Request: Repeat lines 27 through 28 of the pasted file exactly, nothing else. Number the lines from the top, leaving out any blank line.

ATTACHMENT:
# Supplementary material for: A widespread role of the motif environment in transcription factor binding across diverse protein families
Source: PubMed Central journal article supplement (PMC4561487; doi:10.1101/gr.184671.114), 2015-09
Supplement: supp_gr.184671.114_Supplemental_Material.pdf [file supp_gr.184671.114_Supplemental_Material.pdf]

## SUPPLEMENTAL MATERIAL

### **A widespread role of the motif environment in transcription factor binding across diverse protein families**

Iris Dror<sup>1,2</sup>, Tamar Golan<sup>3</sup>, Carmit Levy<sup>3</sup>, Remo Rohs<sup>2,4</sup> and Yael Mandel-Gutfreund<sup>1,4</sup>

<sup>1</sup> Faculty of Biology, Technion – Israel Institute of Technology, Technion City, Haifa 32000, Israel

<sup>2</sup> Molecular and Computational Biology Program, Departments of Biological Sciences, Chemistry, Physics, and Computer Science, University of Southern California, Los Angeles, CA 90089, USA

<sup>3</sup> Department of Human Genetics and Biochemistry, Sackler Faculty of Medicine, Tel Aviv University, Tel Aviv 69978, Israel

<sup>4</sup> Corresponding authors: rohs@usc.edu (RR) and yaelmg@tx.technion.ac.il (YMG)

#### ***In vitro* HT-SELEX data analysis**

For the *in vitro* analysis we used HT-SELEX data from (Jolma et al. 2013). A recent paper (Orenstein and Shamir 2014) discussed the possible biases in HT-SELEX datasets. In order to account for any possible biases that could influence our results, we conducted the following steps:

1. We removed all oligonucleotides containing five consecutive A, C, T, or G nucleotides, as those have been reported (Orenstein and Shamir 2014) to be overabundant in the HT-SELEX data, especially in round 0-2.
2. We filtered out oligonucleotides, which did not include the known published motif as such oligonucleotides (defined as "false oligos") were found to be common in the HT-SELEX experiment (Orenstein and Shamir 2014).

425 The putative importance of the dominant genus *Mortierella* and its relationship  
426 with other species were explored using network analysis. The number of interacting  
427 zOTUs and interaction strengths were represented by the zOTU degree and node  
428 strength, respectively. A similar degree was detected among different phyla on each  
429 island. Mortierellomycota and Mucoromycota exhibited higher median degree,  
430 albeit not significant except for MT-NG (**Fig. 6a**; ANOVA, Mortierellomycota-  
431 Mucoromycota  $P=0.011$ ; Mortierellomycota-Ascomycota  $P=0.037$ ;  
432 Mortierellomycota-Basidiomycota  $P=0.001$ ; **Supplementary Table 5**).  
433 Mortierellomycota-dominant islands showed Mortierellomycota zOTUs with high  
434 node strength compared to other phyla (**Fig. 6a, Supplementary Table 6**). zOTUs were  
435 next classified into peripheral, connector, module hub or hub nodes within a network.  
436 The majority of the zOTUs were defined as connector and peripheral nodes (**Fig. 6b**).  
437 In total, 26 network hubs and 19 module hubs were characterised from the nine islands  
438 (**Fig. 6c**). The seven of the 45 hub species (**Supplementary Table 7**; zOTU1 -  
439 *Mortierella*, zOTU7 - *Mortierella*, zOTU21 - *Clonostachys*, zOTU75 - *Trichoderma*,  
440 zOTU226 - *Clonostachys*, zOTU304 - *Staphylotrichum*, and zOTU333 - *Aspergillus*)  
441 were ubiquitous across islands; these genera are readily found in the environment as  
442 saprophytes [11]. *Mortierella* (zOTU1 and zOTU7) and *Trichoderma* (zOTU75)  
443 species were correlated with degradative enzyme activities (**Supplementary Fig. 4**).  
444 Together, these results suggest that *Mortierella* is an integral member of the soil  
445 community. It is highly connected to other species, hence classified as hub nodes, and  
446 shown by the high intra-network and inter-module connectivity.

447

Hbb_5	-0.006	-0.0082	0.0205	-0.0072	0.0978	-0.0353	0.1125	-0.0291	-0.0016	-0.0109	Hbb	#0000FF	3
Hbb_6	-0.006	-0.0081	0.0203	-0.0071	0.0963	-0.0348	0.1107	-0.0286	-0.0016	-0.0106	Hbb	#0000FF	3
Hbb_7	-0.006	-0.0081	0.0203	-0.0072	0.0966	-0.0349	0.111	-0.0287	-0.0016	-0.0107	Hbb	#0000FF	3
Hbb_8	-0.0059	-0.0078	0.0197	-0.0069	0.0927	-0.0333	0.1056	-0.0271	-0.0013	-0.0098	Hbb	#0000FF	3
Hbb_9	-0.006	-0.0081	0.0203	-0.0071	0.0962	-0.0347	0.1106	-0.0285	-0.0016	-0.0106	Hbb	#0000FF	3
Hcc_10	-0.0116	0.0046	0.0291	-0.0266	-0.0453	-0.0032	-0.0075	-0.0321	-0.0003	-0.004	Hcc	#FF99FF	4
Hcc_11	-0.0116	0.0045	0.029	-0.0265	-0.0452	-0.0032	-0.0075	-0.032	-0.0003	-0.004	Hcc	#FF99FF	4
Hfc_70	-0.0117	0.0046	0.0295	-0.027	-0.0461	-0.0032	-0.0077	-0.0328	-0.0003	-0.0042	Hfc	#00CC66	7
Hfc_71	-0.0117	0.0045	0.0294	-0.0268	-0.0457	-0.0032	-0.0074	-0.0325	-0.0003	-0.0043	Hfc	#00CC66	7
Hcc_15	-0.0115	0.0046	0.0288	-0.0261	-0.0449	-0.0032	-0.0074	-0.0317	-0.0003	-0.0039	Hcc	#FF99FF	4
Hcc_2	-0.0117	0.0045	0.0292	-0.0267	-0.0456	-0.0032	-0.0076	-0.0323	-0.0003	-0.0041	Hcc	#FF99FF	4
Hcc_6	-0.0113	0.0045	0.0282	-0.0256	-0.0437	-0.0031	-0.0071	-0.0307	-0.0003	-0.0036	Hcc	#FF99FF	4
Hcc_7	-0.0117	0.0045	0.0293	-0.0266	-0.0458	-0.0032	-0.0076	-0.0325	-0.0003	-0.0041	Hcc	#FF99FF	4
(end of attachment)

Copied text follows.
437 In total, 26 network hubs and 19 module hubs were characterised from the nine islands  
438 (**Fig. 6c**). The seven of the 45 hub species (**Supplementary Table 7**; zOTU1 -  